In the long and storied tradition of newspaper arts writers who decide to let their true flag fly, the L.A. Times Calendar section today leads with a snide review of an Army recruiting film:
* Army’s filled with the spirit of giving: watches, saxophones, stints in Iraq….
By Carina Chocano, Times Staff Writer
The review opens with:
How awesome is the Army? You really have no idea until you send away for the “Stand Ready: Being a Soldier in the Army Reserve” DVD, as advertised on MTV. Because “learning more” is usually not enough incentive to get the kids on the phone — especially the kinds of kids who sit around watching MTV all the time — the Army was throwing in a free camo hat, the way Sports Illustrated might offer a free sneaker phone with your subscription, to sweeten the deal, if you call now.
I called then. Actually, I went to the Go Army! website and filled out an online form. Three e-mail requests; a brief but terrifying phone conversation with a recruiter; and six to eight weeks of anticipation, then patience, then the total loss of hope later, the DVD arrived. There was no hat in the package — the gift had been upgraded to a sports watch. Does that sound weird? Well, watch the DVD and learn — the Army is all about giving.
and continues with:
Produced by Leo Burnett USA, whose Army contracts totaled about $350 million this year, and directed by Hank Vincent of Avalon Films, “Stand Ready: Be a Soldier in the Army Reserve” opens on a video loop of super-macho, sepia-toned, high-contrast images of modern soldiering. A square-jawed soldier glistens in profile, a chopper flies low overhead, a soldier in a helmet raises a flag. It’s very retro, very now. And that’s just the menu screen.
“We are the men and women of the Army Reserve,” a deep voice intones, as a series of Rockwellian tableaux vivants flashes in front of your eyes to some extremely heartfelt John Mellencamp-ish acoustic strumming. “We live in big cities and small towns. We are regular people who have taken an oath.” The soldiers stand proudly amid the kind of real estate beloved by the makers of breakfast-cereal commercials. The burnished, bucolic beauty — so clean, calm, old-fashioned, benign — is almost unbearable. Ain’t that America?
and then closes with:
The brief, almost incidental allusions to Iraq come later, in the segment on world travel and learning about other cultures.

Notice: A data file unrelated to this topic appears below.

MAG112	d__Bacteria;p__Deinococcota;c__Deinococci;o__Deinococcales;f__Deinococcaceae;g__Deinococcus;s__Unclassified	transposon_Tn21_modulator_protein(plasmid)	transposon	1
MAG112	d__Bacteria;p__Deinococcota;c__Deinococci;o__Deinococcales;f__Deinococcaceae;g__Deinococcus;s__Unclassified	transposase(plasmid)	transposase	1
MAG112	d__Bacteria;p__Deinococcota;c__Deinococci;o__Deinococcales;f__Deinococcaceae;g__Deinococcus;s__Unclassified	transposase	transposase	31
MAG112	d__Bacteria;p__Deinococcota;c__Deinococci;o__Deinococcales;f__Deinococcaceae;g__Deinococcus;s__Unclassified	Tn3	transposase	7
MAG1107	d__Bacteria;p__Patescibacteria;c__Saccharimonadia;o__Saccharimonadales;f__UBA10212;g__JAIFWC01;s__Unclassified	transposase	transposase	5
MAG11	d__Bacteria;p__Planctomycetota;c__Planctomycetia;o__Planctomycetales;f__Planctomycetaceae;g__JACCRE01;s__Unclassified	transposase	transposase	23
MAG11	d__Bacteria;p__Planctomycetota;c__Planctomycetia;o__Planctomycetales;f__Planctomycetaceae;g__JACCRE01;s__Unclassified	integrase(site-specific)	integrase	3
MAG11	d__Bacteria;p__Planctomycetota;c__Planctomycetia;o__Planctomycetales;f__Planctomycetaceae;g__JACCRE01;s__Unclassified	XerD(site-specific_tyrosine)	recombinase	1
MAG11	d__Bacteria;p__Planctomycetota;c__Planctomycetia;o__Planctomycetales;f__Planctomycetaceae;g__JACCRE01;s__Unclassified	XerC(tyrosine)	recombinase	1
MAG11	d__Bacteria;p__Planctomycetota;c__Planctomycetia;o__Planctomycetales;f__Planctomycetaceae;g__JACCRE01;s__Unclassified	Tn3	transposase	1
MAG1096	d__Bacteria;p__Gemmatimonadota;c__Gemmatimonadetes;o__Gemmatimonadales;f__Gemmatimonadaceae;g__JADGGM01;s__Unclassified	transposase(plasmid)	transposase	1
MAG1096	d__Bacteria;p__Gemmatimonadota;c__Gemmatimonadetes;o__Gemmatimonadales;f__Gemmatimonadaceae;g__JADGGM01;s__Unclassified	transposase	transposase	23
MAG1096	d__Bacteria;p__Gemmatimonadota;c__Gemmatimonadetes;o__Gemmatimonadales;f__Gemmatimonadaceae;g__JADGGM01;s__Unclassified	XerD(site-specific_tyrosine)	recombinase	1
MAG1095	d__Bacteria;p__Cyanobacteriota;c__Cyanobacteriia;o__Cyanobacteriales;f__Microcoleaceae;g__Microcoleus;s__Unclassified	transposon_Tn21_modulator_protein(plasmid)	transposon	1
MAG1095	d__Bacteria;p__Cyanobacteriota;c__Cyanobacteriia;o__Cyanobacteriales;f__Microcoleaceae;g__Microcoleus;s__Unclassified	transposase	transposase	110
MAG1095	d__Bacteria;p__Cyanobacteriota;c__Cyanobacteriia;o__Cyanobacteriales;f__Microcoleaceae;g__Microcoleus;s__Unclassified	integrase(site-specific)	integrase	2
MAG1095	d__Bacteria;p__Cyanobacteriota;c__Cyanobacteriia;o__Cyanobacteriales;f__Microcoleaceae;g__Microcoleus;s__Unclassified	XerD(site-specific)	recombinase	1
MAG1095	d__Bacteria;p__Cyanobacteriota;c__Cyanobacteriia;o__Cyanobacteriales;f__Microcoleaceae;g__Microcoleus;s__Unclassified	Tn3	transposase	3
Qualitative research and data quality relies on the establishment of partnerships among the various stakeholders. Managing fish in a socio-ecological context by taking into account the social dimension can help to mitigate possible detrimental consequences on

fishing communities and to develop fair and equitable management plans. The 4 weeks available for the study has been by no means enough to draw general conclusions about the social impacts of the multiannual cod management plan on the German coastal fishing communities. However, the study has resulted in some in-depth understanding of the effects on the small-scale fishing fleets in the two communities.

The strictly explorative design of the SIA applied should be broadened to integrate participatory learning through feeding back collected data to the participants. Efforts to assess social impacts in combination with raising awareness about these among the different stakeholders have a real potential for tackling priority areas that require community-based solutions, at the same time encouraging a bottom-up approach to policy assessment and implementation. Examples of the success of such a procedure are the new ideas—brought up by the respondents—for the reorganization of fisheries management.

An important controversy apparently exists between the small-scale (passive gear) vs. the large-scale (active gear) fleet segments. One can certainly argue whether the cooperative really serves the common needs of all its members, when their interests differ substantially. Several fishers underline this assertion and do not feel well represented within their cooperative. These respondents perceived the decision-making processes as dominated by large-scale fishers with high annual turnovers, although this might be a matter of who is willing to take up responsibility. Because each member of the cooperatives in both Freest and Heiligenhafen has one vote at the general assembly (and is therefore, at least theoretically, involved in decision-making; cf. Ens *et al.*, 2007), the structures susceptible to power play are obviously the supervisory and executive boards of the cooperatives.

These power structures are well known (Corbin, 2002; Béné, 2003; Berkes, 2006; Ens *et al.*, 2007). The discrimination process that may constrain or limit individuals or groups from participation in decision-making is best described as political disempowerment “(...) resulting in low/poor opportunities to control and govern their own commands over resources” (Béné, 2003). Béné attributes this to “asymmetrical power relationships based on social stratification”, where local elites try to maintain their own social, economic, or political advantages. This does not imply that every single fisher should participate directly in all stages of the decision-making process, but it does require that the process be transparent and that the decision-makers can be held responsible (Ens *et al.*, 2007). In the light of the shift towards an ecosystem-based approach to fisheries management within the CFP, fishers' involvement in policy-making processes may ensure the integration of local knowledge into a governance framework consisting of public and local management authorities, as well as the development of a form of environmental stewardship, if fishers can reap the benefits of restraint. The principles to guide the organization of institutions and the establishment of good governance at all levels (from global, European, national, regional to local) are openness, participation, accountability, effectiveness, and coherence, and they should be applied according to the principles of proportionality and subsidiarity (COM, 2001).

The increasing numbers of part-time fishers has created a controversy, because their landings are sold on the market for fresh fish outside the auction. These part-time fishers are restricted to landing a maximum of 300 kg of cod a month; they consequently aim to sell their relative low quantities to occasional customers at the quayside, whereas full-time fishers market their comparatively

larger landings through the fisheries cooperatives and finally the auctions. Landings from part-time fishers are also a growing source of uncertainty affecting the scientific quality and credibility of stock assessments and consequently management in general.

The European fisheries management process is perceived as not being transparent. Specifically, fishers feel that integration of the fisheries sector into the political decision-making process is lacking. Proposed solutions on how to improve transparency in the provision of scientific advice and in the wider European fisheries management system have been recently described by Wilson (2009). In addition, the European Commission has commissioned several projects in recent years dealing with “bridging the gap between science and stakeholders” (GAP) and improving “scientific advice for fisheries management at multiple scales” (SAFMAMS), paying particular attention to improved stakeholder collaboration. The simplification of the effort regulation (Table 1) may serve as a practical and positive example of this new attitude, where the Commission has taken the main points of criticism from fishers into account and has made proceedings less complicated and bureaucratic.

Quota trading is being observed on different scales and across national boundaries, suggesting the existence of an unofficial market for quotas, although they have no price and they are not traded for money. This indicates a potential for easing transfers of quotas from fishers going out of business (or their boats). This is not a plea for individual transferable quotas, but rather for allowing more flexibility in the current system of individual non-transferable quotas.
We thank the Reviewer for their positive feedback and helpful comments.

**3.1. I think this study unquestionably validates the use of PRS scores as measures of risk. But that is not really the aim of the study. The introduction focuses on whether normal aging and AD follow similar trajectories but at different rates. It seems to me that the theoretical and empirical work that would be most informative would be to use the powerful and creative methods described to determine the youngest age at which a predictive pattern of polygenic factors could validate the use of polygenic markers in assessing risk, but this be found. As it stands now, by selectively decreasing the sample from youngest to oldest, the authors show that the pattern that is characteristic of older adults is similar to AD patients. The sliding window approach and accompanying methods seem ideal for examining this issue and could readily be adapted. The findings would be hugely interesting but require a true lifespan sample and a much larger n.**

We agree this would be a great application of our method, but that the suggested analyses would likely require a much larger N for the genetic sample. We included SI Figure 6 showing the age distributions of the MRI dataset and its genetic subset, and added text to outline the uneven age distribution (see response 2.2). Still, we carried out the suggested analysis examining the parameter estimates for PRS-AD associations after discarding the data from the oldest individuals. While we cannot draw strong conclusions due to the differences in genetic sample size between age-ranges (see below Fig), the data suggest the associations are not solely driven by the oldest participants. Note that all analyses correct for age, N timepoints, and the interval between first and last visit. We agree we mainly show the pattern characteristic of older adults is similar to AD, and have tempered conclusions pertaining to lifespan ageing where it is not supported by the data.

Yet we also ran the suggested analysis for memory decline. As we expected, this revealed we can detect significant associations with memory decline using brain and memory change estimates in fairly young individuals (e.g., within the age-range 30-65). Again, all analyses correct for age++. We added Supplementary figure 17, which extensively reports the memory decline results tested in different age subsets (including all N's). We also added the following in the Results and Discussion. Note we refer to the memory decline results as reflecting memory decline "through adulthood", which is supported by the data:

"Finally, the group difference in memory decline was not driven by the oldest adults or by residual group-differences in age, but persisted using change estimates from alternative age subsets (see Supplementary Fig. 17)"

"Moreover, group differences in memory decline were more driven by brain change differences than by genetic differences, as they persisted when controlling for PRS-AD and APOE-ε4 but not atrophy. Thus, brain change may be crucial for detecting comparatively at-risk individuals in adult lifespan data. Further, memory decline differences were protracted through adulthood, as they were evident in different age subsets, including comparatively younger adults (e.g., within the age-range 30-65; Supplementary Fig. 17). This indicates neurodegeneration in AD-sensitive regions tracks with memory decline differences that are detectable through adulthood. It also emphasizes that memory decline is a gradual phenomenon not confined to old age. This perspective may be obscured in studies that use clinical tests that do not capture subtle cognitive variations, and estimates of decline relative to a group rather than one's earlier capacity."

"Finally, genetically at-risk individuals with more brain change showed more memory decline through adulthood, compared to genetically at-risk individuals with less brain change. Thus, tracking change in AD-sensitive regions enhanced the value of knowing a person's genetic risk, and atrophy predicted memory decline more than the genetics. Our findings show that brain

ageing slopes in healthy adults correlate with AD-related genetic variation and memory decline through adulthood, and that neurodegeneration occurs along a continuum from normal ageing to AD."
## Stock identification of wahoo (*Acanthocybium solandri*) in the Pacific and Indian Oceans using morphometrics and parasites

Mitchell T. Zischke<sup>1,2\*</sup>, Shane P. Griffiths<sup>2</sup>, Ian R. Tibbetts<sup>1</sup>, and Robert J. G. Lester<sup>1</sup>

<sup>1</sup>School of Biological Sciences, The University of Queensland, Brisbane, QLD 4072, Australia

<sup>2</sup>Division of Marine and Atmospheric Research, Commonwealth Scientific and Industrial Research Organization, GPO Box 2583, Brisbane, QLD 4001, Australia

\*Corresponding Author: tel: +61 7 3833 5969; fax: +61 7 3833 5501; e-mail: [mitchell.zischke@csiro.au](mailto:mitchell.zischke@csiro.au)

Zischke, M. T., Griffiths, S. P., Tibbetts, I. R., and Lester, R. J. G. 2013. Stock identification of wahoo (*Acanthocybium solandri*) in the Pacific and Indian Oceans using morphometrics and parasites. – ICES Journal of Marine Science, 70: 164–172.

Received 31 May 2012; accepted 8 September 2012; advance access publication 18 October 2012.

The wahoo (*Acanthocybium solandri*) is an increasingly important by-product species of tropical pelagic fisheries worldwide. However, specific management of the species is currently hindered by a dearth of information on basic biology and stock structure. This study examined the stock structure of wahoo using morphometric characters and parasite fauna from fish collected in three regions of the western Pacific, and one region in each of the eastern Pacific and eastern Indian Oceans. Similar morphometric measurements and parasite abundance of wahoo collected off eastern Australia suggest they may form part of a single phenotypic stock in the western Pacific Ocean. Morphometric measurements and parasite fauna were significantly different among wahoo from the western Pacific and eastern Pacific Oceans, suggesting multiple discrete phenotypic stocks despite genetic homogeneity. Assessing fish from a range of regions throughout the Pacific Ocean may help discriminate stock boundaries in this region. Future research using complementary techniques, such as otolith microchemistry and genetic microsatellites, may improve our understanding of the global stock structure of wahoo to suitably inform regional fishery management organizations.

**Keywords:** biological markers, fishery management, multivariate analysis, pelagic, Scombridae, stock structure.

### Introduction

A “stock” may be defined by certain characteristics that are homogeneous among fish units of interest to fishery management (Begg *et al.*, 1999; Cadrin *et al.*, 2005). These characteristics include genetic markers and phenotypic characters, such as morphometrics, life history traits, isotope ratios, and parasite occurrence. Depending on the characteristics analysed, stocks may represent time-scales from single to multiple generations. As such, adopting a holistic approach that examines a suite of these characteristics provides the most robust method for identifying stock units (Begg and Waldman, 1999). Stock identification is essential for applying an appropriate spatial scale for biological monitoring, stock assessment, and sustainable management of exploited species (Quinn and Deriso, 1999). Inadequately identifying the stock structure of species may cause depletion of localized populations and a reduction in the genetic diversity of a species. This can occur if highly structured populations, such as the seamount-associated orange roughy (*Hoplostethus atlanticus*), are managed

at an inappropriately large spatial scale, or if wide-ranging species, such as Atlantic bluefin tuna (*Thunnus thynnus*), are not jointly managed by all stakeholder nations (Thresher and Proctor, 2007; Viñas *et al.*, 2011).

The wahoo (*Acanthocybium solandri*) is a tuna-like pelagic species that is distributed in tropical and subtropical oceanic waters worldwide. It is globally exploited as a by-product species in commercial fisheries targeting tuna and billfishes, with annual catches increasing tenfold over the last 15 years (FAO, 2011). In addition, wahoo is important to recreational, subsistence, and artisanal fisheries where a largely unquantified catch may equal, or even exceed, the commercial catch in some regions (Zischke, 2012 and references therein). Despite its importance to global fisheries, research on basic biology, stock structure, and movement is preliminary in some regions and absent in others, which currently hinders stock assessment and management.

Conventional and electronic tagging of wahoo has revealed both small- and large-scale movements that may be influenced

“When you get deployed, it doesn’t necessarily mean you’ll be in the Middle East or Iraq. There are opportunities to make a difference wherever you go.” Be it in Thailand building a schoolhouse, Alaska building a road, the Army lets you “see the sights” and “enjoy the culture” of places as diverse as Australia, Germany, Spain, China, Japan, Malaysia and Amsterdam!
“Tell them about Germany,” the saxophonist says. “Germany was the best time I’ve ever spent in my life.”
Germany, of course, is the home of the Landstuhl Regional Medical Center, which has treated nearly 10,000 soldiers from Iraq and Afghanistan. And it would seem like a great time, after all that difference-making.
Maybe I’m oversensitive after reading so much about the “vigils” Code Pink is holding to tell out wounded soldiers that they have been injured for nothing, or lies, or oil, and so over-reacting to their use as an antimilitary punch line.
Maybe I’ve just gotten fed up with an entertainment industry that is reflexively anti-American interests (in the spirit of cosmopolitanism, of course) and that belittles “red state values” reflexively while having none of its own.
Or maybe it’s just fatigue at seeing the Times slowly wash away the respect that I held for it for much of my life.
There are all kinds of discussions and debates to have about Iraq and the war, our policies, terrorism, our military and how it recruits, treats its soldiers, and treats its opponents.
what I think I’m mostly tired of is people who won’t have a stand-up debate or argument about those issues and aren’t adult enough to avoid self-satisfied efforts to slide conclusions onto the table while claiming they aren’t.
After all, they’re just reviewing a video.
I’ll be writing a letter, which I’ll post here. You may wish to write your own.
email@example.com wrote the article.
alice.short@latimes edits the daily Calendar section.